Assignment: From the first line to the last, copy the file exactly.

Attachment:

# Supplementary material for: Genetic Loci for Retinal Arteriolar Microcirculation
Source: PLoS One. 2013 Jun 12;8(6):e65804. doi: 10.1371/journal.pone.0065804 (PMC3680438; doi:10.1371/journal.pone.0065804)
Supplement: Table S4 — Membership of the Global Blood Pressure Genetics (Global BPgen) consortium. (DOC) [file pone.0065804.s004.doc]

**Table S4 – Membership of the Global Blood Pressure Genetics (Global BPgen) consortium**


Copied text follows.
# Supplementary material for: Genetic Loci for Retinal Arteriolar Microcirculation
Source: PLoS One. 2013 Jun 12;8(6):e65804. doi: 10.1371/journal.pone.0065804 (PMC3680438; doi:10.1371/journal.pone.0065804)
Supplement: Table S4 — Membership of the Global Blood Pressure Genetics (Global BPgen) consortium. (DOC) [file pone.0065804.s004.doc]

**Table S4 – Membership of the Global Blood Pressure Genetics (Global BPgen) consortium**